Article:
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3 Essential Ingredients for Early Learning

Essential Ingredients for Early Learning

All of us are homeschoolers for at least the first few years of our children’s lives (and I certainly concur with those who maintain parents are always their children’s primary teachers no matter how they are formally educated). So what is really important during these early learning years, especially as it pertains to getting our kids ready for formal learning? There are a few essentials we can summarize from the research:

The soil matters – take two identical plants and plant one in depleted, dry soil and the other in rich, moist soil. Would you expect any differences? You bet. The same goes for kids. If you want to grow tomatoes, you need soil enriched with the nutrients tomatoes crave. If you want to grow a brain, then kids need to be planted in an environment that’s filled with the food a growing brain feasts on. What are those nutrients? Well here’s my food pyramid for cognitive growth:

  •   LANGUAGE 
  •  WARMTH
  •  EXPERIENCE

That’s the big 3.

Language means “live” speech, especially interactive speech – not the television buzzing in the background.

Why language?

Because preschoolers need language in order to “think” about the experiences they are having. Try capturing and storing an event in your memory where you do not have words to describe what you are seeing. Near impossible, right? That’s why human brains work so much better than animals’ – we have the words to capture those memories and pass them on to the next generation. Language is how we encode our experiences so we can learn from them.

30 million word gap.

Do you think a difference that big might matter? That’s the difference in the amount of spoken language heard by preschoolers from middle  class homes by age 3 and those born into poverty, a number of studies have repeatedly found.

Is it the money making the difference? Not really. It’s the amount of interaction between these preschoolers and their parents and the quality of language the more privileged kids are hearing. The vocabulary is more extensive, the interactions are longer, and the range of topics broader. I know a lot of my readers may not consider themselves middle class. Actually plenty of us chose homeschooling because the cost of a quality education seemed out-of-reach. Well, it doesn’t take money, fortunately, to ensure our young children get plenty of nutrients to help their brains develop fully. Rather, we just need to mimic the actions of these middle class parents.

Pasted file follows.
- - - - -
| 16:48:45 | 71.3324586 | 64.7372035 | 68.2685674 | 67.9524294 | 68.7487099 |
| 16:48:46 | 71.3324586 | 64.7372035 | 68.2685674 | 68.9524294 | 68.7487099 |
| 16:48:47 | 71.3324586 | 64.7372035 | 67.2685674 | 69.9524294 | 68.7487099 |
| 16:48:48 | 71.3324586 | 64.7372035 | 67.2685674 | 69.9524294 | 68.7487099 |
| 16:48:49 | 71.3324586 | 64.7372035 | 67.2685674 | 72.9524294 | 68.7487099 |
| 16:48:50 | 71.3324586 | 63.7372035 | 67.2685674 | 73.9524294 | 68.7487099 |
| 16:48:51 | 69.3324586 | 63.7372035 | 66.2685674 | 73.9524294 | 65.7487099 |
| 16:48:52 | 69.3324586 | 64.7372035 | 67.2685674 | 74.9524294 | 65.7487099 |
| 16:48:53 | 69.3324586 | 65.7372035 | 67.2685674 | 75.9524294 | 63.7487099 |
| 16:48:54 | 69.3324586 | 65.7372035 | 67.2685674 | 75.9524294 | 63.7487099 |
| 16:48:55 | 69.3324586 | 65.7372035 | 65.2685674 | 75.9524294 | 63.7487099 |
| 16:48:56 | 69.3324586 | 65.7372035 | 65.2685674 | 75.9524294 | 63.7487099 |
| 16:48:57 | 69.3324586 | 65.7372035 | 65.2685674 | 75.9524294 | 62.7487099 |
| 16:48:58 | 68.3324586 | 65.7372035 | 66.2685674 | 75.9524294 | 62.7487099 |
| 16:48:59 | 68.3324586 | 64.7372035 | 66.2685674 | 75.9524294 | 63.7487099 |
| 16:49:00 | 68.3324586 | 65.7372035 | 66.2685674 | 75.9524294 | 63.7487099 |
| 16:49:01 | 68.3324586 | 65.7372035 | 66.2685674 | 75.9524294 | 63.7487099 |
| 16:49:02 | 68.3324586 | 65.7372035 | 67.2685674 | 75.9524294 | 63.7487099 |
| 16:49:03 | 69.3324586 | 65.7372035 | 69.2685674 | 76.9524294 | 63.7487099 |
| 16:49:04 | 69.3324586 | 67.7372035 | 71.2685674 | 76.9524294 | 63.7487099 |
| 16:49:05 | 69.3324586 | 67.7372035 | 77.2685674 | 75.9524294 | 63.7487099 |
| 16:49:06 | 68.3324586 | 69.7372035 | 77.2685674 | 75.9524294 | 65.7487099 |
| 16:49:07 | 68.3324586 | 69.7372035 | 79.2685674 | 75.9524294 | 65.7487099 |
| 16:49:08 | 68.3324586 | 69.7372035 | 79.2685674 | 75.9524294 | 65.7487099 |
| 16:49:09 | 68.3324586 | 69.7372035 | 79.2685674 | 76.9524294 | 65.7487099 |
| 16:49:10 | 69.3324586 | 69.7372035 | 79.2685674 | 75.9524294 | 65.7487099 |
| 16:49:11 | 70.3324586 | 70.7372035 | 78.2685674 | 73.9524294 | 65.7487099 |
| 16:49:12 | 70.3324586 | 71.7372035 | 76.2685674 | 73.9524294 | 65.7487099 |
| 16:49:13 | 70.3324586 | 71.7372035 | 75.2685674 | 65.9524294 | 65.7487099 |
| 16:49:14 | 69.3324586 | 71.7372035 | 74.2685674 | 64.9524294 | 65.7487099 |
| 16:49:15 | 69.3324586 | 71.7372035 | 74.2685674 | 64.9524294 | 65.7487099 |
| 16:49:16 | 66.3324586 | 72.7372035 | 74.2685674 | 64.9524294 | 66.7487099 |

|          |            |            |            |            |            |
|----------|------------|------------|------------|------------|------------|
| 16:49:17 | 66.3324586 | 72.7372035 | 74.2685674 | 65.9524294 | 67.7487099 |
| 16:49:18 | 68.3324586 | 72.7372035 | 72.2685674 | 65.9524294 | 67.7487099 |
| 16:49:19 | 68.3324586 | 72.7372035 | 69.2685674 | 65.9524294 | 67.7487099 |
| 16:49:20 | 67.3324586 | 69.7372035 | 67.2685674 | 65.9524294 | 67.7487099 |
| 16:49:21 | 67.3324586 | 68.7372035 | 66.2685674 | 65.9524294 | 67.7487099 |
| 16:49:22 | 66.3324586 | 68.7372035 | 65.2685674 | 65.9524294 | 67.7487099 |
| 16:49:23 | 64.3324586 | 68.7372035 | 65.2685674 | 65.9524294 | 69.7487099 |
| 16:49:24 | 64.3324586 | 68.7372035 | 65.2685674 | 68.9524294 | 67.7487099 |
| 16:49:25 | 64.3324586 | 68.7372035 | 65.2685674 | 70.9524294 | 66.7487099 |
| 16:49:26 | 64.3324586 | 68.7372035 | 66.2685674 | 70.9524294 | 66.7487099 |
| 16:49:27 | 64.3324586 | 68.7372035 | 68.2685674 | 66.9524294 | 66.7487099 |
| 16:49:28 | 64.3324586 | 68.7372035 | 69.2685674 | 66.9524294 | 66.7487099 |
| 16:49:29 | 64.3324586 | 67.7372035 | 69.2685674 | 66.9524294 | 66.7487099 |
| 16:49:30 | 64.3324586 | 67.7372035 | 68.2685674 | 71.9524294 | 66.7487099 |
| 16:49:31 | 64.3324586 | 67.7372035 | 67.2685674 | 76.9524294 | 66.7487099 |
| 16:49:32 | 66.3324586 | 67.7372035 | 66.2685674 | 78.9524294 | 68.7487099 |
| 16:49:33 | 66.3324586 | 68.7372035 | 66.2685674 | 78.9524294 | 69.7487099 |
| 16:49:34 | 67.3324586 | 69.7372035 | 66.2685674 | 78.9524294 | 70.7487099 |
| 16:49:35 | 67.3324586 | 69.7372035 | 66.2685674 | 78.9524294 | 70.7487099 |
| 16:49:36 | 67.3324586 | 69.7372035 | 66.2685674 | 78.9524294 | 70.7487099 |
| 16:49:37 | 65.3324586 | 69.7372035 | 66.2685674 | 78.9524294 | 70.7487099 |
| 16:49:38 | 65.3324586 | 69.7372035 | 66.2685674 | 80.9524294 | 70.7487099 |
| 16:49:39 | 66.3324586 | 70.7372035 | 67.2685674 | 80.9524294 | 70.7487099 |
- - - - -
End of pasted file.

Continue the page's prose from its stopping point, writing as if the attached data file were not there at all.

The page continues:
Talk to your kids about everything, even things you don’t know a lot about. During the early learning years, especially, let them hear you thinking aloud and pondering the mysteries of the world around you. Ask them questions to help them use the words they do have and acquire new ones. Beyond that, read aloud. This is the richest vein of nutrients you can tap to open up new worlds and give them words to think and learn.

 

Debra Bell is the best-selling author of the award-winning Ultimate Guide to Homeschooling,  Ultimate Guide to Homeschooling TeensDebraBellImage and the Ultimate Planners for moms, teens and students

Debra has just release her new writing curriculum and a new reading curriculum, Writers in Residence. Published by Apologia, Writers in Residence is geared toward grades 4 through 8. You may view a 100+ page sample and enjoy a free e-Book full of helpful homeschool resources and information by clicking here

Readers in Residence is a reading comprehension, literature, and vocabulary program. It is available from Apologia Educational Ministries and may be used alone or along with the writing series. The first volume, Sleuth, is designed for fourth through sixth graders, those lagging behind in reading, as well as some special needs students.

She has taught composition and literature to students of all ages for over thirty years and AP English to high schoolers for over a decade. Debra holds a B.S. in communications education,  an M.A. in English, and a Ph.D. in educational psychology from Temple University.
Debra Bell describes the 3 essential ingredients for early learning.
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